MANCHESTER — One hundred fifty years ago this month, President Abraham Lincoln issued a proclamation announcing his intention to free more than 3 million slaves living in the American South. Though the road to freedom was hard-won, Americans can take pride in marking this courageous turning point and the victory of what President Lincoln called “the better angels of our nature.”

Unfortunately, this historic proclamation did not make slavery history. Indeed, there are more slaves on Earth today than during the entire 400 years combined of the Trans-Atlantic slave trade.

National Geographic reports that there are an estimated 27 million slaves in the world today — more than at any other time in history — and that the human trafficking industry generates $32 billion in revenue every year. Human trafficking cases have been reported in every state of the union, including Maine.

In 2011, the National Human Trafficking Resource Center hotline received nearly 50 calls from Maine. Because human trafficking is underreported, we know that this is the tip of the iceberg. Our state has more than 1,000 teens categorized by school systems as “homeless or living outside the family unit.” Many of them are also runaways, and especially desirable to traffickers. Traffickers may offer a place to stay, drugs or a meal — and this may lead to forced sex or prostitution. There are many documented cases of young girls being trafficked to Boston and New York, where sophisticated rings of criminals control them and ruin their lives.

The awareness that slavery happens today, even in Maine, motivates many of us to work harder to fight against it. Encouraging work is happening with the Portland Task Force on Trafficking, bringing federal and local law enforcement and social services providers together to work on awareness, detection and apprehension of traffickers.

We need to work together with our state legislators and our attorney general to improve Maine laws on human trafficking so these criminals can be apprehended and effectively prosecuted.

An exciting opportunity is coming up for anyone wishing to learn about human slavery. The second annual Not Here Conference will be held Oct. 25 and 26 in Auburn, convening national and international experts to educate us about the problem and possible community solutions. Interested individuals will join with law enforcement, health care workers, and those from the hospitality industry. There will also be a film festival associated with the conference.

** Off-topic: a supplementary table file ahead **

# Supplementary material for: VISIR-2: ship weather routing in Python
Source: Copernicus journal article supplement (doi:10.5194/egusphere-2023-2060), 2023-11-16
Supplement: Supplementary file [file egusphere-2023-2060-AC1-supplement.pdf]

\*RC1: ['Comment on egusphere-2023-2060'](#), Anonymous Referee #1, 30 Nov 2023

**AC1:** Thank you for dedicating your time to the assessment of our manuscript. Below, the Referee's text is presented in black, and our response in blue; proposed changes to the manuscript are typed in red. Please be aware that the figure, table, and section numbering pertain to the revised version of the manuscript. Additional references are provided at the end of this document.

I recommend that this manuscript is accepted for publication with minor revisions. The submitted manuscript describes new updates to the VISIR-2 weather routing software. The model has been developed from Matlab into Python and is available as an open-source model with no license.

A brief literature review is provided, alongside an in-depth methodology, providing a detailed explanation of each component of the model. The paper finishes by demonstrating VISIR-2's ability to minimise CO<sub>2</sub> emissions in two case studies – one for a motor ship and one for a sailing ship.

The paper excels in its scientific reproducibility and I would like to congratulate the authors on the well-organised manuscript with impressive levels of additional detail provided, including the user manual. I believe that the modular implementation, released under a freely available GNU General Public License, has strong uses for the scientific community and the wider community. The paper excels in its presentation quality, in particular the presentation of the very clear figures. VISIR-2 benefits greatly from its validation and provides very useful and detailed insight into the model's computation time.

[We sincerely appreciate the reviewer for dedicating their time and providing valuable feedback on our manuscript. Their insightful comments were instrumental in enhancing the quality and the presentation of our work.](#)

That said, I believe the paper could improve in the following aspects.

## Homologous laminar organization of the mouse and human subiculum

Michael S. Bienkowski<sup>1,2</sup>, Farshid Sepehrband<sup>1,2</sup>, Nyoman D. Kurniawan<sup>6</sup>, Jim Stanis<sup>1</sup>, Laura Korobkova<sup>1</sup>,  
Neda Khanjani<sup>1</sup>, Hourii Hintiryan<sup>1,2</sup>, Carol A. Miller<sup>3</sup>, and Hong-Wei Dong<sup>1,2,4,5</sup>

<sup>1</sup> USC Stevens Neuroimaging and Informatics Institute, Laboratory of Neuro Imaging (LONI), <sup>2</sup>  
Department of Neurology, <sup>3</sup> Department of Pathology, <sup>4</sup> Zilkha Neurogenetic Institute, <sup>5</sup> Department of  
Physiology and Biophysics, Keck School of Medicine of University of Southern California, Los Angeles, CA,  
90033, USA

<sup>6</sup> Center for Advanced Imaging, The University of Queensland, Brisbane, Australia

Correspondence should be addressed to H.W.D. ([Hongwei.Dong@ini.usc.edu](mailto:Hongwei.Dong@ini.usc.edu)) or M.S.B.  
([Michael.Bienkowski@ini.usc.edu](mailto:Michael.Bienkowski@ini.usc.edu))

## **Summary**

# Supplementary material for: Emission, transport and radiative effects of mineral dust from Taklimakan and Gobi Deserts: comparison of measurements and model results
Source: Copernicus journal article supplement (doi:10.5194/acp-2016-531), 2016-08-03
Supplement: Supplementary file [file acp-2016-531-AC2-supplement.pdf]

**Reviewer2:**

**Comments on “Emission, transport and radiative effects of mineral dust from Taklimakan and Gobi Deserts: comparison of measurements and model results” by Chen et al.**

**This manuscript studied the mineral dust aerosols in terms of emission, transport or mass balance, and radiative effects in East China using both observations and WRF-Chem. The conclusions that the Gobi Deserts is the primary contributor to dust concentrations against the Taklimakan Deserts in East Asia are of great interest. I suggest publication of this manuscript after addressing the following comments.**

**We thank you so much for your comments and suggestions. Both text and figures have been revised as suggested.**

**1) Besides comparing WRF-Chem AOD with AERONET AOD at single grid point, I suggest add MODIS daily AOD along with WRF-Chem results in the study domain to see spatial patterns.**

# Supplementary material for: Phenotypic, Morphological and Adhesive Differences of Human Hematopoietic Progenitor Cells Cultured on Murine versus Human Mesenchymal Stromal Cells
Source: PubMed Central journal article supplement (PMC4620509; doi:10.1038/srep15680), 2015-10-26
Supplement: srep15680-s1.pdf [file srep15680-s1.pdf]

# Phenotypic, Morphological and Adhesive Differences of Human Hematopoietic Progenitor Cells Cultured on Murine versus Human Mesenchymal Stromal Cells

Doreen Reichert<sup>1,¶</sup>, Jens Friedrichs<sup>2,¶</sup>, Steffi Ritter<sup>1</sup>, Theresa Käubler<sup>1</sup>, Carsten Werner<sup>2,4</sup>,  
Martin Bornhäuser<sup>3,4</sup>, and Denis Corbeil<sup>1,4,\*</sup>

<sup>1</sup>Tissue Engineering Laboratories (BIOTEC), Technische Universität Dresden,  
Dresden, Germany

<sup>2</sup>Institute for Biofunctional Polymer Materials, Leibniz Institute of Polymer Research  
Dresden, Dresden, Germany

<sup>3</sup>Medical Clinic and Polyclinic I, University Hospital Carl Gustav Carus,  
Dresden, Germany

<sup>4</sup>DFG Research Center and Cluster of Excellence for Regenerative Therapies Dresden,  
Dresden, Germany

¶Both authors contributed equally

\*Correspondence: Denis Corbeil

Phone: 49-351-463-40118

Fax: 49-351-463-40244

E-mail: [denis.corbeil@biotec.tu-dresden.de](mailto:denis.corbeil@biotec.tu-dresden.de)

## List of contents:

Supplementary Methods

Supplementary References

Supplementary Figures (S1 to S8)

Please consider joining this effort by attending the conference; sign-up information is available at Our hope is that every Mainer will say “Not Here!” and help to prevent trafficking in his or her community.

On the national front, Congress passed the Trafficking Victims Protection Act 12 years ago. It is our nation’s blueprint for combating slavery at home and abroad. Every two to three years since then, Congress has unanimously reauthorized the act, allowing our government to adapt and keep pace with an evolving crime. According to Holly Burkhalter, vice president of government relations with International Justice Mission, a nonprofit organization working to end slavery and human trafficking worldwide, the act is “the most important piece of human rights legislation of our day.”

This year, Congress has allowed partisan bickering to stand in the way of passing this life-saving legislation. However, legislators still have time to set quarrels aside to get the job done.

Maine Sen. Susan Collins has lent her support by co-sponsoring the act, and has also played a leadership role in moving forward a piece of legislation that would prevent labor trafficking onto U.S. military bases. Maine residents can be proud of her leadership role on this pressing human rights issue, and should urge Sen. Olympia Snowe to help bring the act across the finish line before she leaves office. It is up to us to ensure that our elected officials value the things that we value: the rights of the vulnerable, human dignity, and freedom.

Martin Luther King said, “Injustice anywhere is a threat to justice everywhere.” We all need to be a voice for the inherent dignity of every human being and do our part to end this terrible injustice.

Laurel Coleman, M.D., of Manchester, is a volunteer advocacy leader with International Justice Mission.

— Special to the Press Herald